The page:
The Employee Approach:  You must determine whether you believe your WDM boss is a visionary or a user.  If the WDM’s ideas are good and in line with corporate tactics and/or strategies, and if your and others efforts are appreciated and rewarded, then it may be in your best interest to follow the WDM to, hopefully, greater glory.  If you believe him/her to be a user, then it probably makes sense to distance yourself to the degree possible.  You should talk to peers of the WDM and let them know what’s going on and seek their advice.  If you get nowhere, it may be time to look for a position elsewhere in the organization.
 
The Credit Taker/Thief Manager (CTTM):
The Characteristics:  To the Credit Taker/Thief Manager (CTTM), any good ideas are his/hers and not the employees.  Any bad ideas are the employees alone.  The CTTM is always on the lookout for anything that can make him/her look good, and for which he/she can take credit.  The CTTM generally keeps his/her employees from meetings with superiors because he/she wants to present all ideas, all progress, and anything positive as his/her own.  The CTTM will minimize the contributions of others, and maximize his/her own, or steal good contributions of others if it helps him/her look good.  The employees of the CTTM are used and abused to make him/her look good; they typically will receive no recognition or reward, and may even be punished to keep them down.  Life under a CTTM is miserable and intolerable.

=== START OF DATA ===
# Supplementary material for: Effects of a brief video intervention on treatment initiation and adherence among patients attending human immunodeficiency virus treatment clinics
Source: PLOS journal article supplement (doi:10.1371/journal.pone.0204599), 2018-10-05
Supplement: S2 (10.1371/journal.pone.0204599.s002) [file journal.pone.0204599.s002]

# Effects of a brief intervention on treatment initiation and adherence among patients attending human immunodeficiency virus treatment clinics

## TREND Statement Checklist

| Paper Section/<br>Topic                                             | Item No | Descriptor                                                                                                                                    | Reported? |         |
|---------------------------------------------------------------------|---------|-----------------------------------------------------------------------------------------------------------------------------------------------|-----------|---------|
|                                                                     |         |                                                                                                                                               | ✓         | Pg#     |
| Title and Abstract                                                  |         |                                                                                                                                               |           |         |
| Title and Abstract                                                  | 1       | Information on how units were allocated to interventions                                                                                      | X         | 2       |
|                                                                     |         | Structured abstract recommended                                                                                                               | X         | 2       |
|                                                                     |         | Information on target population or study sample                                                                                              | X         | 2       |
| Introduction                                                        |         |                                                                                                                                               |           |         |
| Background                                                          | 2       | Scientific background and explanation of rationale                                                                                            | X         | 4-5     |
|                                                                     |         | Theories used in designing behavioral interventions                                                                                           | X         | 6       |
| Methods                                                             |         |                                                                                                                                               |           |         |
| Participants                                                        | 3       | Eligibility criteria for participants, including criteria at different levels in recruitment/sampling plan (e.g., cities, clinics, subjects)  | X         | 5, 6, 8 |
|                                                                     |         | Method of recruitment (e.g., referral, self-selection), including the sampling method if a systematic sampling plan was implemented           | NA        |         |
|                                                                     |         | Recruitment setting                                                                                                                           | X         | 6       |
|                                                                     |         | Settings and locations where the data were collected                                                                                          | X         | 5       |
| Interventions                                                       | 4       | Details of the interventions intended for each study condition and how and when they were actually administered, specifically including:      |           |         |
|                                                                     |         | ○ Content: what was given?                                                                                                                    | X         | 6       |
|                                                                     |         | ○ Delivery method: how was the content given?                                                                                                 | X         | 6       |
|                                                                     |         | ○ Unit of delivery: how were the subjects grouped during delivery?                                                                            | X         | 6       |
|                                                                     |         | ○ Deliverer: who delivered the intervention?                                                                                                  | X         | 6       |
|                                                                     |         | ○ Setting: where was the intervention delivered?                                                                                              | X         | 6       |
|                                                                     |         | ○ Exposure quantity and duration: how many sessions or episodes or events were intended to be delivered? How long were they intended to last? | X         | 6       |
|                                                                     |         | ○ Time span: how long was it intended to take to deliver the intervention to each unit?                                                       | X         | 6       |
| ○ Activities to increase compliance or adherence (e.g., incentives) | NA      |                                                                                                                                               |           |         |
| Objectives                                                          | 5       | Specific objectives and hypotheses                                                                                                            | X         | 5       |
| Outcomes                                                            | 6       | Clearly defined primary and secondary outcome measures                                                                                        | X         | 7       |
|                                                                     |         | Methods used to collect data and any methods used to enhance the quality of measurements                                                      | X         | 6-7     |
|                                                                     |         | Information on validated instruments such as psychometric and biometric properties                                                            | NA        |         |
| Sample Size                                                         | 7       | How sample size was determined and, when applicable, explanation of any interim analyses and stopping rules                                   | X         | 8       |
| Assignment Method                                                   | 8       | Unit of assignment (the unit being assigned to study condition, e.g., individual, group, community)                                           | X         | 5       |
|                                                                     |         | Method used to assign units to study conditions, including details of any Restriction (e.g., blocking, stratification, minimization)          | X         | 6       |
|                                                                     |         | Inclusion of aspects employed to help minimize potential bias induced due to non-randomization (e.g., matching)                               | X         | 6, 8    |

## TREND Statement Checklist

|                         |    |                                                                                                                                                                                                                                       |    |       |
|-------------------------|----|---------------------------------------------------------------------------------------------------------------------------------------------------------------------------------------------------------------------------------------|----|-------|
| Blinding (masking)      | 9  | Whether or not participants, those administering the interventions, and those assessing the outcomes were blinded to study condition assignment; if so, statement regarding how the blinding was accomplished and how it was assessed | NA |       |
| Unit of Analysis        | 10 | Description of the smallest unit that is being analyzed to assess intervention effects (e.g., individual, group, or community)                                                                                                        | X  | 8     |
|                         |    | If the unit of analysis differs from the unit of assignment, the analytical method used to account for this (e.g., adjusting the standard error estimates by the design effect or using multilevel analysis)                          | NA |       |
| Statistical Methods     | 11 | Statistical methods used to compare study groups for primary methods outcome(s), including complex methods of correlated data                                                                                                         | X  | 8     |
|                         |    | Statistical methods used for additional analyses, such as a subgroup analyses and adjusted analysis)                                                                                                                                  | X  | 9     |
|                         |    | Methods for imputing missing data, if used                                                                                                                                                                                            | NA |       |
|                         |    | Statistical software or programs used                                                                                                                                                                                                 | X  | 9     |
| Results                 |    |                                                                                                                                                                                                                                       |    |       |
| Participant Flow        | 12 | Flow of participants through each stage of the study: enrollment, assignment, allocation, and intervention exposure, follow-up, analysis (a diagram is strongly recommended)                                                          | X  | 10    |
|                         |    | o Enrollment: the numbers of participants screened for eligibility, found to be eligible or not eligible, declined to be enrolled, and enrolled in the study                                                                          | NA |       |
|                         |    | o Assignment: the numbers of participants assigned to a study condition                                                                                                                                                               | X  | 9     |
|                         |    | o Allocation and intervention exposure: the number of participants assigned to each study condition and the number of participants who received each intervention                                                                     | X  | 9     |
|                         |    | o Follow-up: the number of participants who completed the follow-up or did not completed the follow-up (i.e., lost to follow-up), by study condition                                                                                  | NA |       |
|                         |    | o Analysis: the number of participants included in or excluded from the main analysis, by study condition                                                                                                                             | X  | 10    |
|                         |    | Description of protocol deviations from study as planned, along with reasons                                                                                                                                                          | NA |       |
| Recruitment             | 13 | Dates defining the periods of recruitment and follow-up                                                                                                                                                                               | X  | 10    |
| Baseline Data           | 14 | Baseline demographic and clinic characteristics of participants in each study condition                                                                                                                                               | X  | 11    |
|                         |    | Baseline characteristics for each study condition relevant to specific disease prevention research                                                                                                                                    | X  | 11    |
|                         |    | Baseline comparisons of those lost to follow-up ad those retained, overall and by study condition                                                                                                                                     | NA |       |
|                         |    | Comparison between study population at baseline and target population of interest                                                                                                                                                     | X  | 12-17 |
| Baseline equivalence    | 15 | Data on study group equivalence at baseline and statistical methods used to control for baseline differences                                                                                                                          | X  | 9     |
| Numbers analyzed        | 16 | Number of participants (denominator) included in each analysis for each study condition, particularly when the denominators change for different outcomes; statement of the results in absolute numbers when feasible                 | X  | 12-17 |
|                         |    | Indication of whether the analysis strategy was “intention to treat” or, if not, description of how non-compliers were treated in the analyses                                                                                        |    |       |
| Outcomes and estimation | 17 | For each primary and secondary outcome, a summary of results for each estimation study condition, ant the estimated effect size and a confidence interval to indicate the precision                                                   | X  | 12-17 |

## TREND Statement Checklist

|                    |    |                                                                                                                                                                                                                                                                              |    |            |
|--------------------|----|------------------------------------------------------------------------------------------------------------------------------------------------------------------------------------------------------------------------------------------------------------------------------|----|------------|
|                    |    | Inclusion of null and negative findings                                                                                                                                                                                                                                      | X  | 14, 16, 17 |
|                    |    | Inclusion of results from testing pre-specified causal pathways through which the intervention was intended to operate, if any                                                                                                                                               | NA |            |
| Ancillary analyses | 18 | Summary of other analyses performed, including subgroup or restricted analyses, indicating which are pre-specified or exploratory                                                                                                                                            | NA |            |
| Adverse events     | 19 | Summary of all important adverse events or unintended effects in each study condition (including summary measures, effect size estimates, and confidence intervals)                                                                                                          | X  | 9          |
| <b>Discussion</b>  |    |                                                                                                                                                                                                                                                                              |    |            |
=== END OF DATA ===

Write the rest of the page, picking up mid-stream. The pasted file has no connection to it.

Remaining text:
The Employee Approach: 
If possible, you should try to talk to your CTTM and express your concerns.  If this goes nowhere, you should confront him/her and let him/her know you find this behavior unacceptable.  You should talk to peers of the CTTM and get their guidance.  If you still get nowhere, you should go over CTTM’s head and report what’s going on; you have little to lose if you’re being used anyway.  It may be necessary for you to leave CTTM’s group, or even the company, but you should recognize that you’re never going to advance with a CTTM taking credit for all of your contributions.

The A$$hole Manager (AM):
The Characteristics:  A$$holes exist at virtually every level of every organization.  They’re like weeds, and very difficult to eliminate, particularly as they acquire power in an organization.  A$$hole Managers (AM’s) often belittle those below them, and publicly embarrass subordinates and others.  They also make frequent out-of-place comments.  They typically praise people in private (if they praise people at all), and punish in public, exactly the opposite of the way it should be done.  They can be difficult to talk to and seldom listen.  As with the CTTM, life under an AM can be miserable and intolerable.
The Employee Approach:  First, try to talk directly to the AM and let him/her know that you don’t like and won’t accept A$$hole treatment.  If he/she backs off, then that’s good for everyone.  If he/she doesn’t back off and becomes even more of an A$$hole, talk with some of AM’s peers and get their guidance, or go over the AM’s head.  If none of this gets you anywhere, try to get out from under the AM.  Life is too short!


These are just four more of many Mis-Manager personality types that you will come across in engineering (and other) organizations.  The key is recognizing the various personality types as early as possible, and work to address the problems or opportunities that they may bring.  Employees must recognize that Mis-Managers hold positions of direct authority over them, and so must approach them carefully.  They must walk a fine line and find what works best for them.  Their work environment, and future, may depend upon it.